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"Made in Germany"


Brian Snider
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The 'made in Germany' label suggests something made in the Shonbach/Markneuchien area and probably after 1921.

The 1890 Mckinley tarrif act was amended in 1914 so that all imports were required to say "Made in" in addition to including country of origin. It was further amended in 1921 so that all imports had to include the country of origin in English.

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The carved bar and roughly graduated top give evidence that it was made latest a short time after 1900, when the milling machine put an end to such making. That doesn't exclude that the label was inserted some decades later by a dealer.

Also the violin could be well have been made in Bohemia (Schönbach, later Luby/Czech.) and trafficked to the German Markneukirchen dealers. There's no way to tell this for sure.

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1 minute ago, mood2000 said:

until 1957, labelled them exactly as the master did. After that date, for legal reasons, the words "Copy of" were often included on the labels.

https://www.afvbm.org/found-stradivarius-violin/

 

copy of _ 1957 .jpg

Nonsense. There are millions of "Copy of" "model d'apres" etc. long before this year.

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4 hours ago, Blank face said:

The carved bar and roughly graduated top give evidence that it was made latest a short time after 1900, when the milling machine put an end to such making. That doesn't exclude that the label was inserted some decades later by a dealer.

Also the violin could be well have been made in Bohemia (Schönbach, later Luby/Czech.) and trafficked to the German Markneukirchen dealers. There's no way to tell this for sure.

Did all makers switch to machine carving as soon as it became available or did that change happen over a longer period of time? I have seen similar rough carved tables in violins bearing a 'Made in Czechoslovakia' label which I had assumed were made around 1920s at the earliest, because the state of 'Czechoslovakia' didn't exist before 1918?

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for legal reasons, the words "Copy of" were often included on the labels after 1957, it must written in English, that could be officially, before that year no one mentioned "copy of" in English unless an honest firms mentioned something similar to that, such as "Reproduction", "Style of", "Modèle d'après" and so on. instead of facsimile labels.

thanks guys :)

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5 hours ago, Bob K said:

Did all makers switch to machine carving as soon as it became available or did that change happen over a longer period of time? I have seen similar rough carved tables in violins bearing a 'Made in Czechoslovakia' label which I had assumed were made around 1920s at the earliest, because the state of 'Czechoslovakia' didn't exist before 1918?

It’s right that Czechoslovkia was founded in 1919 after the end of the Austrian-Hungarian monarchy. But I’m strongly assuming that these labels were inserted after many years of storage, what was common practice of the wholesalers, and the violins were made before WW1. Personally I never found a violin with a carved bar which I would stylistically put into the ongoing 20th century, no matter what the label says. This also applies to the OP violin.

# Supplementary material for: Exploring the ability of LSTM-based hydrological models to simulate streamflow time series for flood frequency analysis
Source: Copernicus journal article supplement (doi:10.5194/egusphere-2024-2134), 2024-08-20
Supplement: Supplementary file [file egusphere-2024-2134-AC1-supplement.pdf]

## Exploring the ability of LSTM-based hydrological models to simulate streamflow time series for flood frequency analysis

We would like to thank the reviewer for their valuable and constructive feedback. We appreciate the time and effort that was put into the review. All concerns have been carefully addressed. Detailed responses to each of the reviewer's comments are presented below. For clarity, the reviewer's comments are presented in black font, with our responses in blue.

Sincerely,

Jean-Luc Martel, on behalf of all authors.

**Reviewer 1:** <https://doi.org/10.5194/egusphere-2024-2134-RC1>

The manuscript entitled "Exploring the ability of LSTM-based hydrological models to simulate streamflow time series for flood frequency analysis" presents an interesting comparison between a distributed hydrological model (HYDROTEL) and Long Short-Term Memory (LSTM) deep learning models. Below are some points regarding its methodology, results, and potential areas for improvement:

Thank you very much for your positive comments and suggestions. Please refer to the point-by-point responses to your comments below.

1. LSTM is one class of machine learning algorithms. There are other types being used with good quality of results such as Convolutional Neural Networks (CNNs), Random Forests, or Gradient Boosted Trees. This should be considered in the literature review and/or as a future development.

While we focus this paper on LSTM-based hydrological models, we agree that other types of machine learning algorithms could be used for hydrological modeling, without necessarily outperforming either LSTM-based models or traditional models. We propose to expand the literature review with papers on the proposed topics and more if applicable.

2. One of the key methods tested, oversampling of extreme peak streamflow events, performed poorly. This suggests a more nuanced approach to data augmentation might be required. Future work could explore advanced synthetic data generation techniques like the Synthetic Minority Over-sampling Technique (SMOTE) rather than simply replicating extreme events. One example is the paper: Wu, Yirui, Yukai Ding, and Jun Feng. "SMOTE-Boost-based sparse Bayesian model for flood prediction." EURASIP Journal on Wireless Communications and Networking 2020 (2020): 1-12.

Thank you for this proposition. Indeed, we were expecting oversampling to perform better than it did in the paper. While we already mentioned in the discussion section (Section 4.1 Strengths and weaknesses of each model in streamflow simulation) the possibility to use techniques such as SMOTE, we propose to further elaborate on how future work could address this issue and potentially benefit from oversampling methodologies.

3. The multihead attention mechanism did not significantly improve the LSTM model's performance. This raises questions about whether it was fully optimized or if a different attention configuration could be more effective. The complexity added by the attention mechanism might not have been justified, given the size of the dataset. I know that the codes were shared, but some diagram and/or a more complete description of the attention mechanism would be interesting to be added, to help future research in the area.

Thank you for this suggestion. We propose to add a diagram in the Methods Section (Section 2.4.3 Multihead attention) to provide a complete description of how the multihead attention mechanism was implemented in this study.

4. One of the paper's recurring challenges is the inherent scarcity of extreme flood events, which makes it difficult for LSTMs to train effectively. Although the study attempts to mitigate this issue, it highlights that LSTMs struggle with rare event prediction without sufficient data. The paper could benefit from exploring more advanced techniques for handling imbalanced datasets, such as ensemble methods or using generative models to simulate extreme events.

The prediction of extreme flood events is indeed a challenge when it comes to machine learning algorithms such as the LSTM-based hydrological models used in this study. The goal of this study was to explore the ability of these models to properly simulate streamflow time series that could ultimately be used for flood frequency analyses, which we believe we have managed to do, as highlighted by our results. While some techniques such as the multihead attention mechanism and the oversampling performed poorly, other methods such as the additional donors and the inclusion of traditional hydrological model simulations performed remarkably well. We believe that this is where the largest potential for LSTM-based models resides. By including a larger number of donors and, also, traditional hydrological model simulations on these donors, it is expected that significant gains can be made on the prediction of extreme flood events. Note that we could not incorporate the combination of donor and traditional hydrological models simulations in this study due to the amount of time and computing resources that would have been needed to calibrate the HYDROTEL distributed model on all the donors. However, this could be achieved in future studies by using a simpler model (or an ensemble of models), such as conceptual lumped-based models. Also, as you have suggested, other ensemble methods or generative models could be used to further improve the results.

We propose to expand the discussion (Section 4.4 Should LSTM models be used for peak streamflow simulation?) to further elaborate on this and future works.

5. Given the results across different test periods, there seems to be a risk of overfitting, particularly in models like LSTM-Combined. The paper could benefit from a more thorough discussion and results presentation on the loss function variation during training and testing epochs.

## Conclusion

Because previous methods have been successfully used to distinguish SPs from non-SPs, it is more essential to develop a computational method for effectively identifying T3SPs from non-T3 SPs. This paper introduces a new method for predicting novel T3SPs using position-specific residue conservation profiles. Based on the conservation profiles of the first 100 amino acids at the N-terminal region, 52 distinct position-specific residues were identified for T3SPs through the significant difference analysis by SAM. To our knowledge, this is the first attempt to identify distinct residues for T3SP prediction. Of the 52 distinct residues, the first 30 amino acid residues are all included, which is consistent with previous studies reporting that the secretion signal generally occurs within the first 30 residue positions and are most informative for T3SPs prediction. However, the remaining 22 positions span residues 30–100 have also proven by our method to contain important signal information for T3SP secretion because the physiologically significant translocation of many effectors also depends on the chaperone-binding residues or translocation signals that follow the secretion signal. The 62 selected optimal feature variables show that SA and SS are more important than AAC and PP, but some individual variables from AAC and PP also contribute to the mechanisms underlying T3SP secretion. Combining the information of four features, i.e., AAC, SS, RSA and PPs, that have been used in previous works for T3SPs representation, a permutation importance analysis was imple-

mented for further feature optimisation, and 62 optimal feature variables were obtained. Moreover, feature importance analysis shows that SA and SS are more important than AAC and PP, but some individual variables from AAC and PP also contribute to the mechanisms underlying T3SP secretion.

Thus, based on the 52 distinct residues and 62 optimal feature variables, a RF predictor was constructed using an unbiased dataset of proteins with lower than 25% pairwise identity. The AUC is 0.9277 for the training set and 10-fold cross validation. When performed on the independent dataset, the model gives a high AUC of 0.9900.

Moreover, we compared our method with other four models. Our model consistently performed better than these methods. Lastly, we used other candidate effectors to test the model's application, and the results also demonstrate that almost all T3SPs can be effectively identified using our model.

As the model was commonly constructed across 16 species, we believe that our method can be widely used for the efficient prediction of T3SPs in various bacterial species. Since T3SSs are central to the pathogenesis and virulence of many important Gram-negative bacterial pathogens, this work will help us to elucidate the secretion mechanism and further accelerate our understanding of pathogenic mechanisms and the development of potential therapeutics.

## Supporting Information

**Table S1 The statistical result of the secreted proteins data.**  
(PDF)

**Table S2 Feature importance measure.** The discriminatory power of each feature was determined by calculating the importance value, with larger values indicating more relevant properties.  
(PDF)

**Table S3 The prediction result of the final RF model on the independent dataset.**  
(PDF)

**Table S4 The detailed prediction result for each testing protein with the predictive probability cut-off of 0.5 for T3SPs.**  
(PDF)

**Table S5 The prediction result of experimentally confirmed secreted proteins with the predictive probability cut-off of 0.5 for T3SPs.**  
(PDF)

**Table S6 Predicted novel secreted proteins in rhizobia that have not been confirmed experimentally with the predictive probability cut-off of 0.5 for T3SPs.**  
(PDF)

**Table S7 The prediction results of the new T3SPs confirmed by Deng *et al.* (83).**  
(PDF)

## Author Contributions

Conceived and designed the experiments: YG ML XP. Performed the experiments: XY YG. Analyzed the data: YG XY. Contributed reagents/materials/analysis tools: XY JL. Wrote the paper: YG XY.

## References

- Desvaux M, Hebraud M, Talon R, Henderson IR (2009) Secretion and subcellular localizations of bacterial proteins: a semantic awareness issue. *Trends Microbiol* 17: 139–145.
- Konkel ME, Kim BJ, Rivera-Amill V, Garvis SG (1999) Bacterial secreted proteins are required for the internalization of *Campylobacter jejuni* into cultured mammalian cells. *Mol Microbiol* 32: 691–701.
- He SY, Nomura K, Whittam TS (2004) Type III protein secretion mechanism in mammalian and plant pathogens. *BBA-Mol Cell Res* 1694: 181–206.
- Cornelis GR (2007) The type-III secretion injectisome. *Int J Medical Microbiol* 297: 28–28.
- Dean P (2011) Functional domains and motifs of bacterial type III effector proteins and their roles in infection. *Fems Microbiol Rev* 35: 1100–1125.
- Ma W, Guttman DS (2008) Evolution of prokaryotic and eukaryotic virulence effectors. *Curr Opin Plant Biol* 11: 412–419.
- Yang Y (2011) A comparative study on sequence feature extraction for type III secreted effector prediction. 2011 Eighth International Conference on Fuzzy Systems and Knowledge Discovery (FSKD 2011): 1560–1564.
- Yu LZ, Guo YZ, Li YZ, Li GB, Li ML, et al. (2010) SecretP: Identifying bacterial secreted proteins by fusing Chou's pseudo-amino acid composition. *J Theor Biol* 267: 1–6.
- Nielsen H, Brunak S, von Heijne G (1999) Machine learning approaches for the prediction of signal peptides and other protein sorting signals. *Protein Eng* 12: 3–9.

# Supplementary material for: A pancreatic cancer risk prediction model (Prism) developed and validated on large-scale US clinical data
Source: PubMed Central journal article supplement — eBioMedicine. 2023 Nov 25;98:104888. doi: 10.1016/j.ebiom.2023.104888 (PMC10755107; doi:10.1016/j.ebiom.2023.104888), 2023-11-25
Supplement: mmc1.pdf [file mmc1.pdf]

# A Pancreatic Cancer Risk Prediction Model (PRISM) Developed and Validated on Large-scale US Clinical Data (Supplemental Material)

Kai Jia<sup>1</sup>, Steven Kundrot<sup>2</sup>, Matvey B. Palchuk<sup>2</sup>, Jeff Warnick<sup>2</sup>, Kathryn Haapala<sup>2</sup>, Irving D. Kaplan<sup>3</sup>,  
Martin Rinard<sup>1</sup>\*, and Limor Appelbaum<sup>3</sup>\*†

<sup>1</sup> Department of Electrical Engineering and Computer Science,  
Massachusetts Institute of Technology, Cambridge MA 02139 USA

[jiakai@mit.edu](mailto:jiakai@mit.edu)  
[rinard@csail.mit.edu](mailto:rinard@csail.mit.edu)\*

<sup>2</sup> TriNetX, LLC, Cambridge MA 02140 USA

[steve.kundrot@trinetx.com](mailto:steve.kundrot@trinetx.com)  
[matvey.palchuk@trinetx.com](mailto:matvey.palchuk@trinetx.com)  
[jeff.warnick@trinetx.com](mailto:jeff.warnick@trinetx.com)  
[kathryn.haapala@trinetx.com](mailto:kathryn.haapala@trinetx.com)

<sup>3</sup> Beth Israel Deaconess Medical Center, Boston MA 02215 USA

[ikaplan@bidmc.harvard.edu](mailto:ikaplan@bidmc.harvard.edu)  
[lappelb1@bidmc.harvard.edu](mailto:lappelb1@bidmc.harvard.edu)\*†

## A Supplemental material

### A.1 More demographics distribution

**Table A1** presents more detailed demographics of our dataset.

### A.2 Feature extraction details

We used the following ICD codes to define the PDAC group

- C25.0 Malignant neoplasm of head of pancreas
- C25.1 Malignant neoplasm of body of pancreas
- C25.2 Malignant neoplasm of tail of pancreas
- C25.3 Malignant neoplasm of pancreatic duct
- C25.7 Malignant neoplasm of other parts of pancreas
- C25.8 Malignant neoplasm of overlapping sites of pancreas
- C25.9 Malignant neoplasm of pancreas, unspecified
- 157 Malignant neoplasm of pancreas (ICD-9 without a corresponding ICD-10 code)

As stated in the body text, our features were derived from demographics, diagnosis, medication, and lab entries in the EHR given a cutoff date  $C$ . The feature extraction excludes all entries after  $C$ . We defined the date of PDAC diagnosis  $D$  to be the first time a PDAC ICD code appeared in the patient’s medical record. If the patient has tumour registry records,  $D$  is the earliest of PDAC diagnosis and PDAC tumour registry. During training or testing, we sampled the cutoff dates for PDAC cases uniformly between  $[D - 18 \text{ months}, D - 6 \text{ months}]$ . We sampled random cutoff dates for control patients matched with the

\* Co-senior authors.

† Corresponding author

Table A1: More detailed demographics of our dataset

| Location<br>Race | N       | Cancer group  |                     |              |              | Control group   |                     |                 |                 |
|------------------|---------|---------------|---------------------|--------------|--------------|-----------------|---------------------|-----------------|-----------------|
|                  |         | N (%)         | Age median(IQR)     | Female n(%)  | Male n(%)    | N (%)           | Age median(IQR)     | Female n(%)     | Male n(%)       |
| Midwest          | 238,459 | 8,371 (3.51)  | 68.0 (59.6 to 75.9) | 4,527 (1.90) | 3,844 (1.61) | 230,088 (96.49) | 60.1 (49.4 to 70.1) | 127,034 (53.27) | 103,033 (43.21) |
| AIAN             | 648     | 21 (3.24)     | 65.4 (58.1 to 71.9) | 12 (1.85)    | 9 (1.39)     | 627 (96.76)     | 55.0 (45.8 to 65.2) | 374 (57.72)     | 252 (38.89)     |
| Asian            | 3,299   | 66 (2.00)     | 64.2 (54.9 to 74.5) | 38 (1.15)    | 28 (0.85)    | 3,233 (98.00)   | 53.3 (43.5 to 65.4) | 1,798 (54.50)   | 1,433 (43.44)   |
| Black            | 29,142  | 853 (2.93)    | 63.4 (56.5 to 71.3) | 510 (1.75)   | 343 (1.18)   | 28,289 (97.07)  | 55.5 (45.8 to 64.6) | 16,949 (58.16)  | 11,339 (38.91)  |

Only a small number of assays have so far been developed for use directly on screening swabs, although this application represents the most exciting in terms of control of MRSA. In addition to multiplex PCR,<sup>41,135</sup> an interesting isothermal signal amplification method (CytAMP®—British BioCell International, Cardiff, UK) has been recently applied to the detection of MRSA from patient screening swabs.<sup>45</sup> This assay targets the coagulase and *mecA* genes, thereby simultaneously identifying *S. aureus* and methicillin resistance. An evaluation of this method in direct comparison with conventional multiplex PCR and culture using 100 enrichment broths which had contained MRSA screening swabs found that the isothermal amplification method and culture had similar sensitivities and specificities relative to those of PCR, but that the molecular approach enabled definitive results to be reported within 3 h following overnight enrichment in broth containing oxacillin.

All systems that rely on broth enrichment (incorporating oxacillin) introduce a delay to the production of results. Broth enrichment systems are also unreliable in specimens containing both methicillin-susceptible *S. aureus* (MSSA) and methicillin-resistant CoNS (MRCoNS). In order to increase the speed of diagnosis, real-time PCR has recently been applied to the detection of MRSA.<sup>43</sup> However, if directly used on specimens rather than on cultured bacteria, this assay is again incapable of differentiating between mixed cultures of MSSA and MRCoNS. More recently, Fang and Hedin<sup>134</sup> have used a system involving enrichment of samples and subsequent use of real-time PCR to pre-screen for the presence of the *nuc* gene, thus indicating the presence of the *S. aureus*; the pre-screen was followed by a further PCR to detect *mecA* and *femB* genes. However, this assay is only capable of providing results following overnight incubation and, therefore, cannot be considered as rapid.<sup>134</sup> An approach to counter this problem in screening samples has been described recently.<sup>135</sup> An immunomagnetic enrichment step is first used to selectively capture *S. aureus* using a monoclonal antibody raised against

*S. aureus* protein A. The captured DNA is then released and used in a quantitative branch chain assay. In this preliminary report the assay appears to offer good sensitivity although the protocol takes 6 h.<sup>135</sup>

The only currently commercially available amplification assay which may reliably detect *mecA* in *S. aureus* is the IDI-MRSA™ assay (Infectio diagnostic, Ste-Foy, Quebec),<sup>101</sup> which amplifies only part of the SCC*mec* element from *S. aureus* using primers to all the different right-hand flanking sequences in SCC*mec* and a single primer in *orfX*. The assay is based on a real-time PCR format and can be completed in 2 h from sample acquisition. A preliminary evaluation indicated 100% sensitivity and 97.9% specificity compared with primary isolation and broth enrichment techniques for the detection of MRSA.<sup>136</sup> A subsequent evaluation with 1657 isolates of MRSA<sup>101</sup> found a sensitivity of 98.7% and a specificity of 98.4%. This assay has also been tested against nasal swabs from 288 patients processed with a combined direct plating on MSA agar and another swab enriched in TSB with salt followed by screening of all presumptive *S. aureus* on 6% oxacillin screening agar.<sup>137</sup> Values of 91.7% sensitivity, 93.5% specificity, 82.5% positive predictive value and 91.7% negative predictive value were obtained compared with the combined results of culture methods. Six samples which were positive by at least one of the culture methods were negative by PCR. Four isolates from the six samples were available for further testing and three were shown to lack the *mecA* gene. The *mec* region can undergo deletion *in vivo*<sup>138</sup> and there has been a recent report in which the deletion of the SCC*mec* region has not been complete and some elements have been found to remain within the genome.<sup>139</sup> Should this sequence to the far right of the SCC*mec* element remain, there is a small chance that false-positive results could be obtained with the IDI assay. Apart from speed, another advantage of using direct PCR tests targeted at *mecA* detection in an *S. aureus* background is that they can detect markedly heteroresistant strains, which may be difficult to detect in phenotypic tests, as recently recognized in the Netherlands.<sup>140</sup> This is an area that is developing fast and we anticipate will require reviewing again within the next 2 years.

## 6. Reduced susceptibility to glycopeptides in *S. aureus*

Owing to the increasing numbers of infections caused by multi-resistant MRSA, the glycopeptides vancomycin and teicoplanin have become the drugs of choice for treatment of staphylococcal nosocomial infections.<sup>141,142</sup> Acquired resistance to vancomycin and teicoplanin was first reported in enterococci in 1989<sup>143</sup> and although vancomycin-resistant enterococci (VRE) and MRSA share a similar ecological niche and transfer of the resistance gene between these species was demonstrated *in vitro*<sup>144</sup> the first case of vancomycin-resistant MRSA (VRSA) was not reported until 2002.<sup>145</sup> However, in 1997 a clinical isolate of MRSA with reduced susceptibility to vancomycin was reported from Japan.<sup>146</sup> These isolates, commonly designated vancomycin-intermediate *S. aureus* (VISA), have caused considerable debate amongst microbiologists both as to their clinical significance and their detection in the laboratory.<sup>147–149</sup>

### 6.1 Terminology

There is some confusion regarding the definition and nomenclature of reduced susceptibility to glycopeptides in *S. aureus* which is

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10 hours ago, Blank face said:

It’s right that Czechoslovkia was founded in 1919 after the end of the Austrian-Hungarian monarchy. But I’m strongly assuming that these labels were inserted after many years of storage, what was common practice of the wholesalers, and the violins were made before WW1. Personally I never found a violin with a carved bar which I would stylistically put into the ongoing 20th century, no matter what the label says. This also applies to the OP violin.

Thanks, Blank Face. I thought that a few people might have hung on to the 'old way' of doing things but they probably wouldn't have been able to compete for long against machine manufacture.

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On 1/16/2022 at 10:39 AM, Bob K said:

Thanks, Blank Face. I thought that a few people might have hung on to the 'old way' of doing things but they probably wouldn't have been able to compete for long against machine manufacture.

It wasn't the way that they could decide on their own how to work, but were employed by or depending of the wholesaler who paid them. So the work was executed in the way as it was profitable,

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The John F Stratton Company goes on at some length in their 1872 catalog about the advantages of the plate carving machines they use in their Leipzig factory, and how cheaply they can produce violins of a variety of arching patterns. They sold violins FOB in New York, from $4.00 to $200.00, along with wind instruments of a wide variety. I have never seen a violin labeled  Stratton, but my mentor, Earsel Atchley, the guy who collaborated on the books with Roy Ehrhardt, claimed that a large portion of the halfway decent, cheap violin you see in the US from that time come from Leipzig, due to Stratton's massive production in the 1870s through the 1890s. None of them were made in the Schoenbach style, apparently, being truly "factory" violins rather than cottage work. The catalog is pretty fascinating, and reveals a lot of historical information. Gives rather a different perspective on the market, direct from the horse's mouth, so to speak.

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I missed a bit on the last post. Upon re-reading the catalog, it seems Stratton was wholesaling violins for as low as $1 per dozen in 1872. Must have made it hard on the Markneukirchen Verleger. They claimed that one girl on a carving machine could do the work of six men. There are reprints of their catalog available online for whomever cares to look. Leipzig is often overlooked as a a center for musical instrument making, but there must have been a reason Stratton and Ludwig Bausch decided to set up there.  I'll look into it as time allows.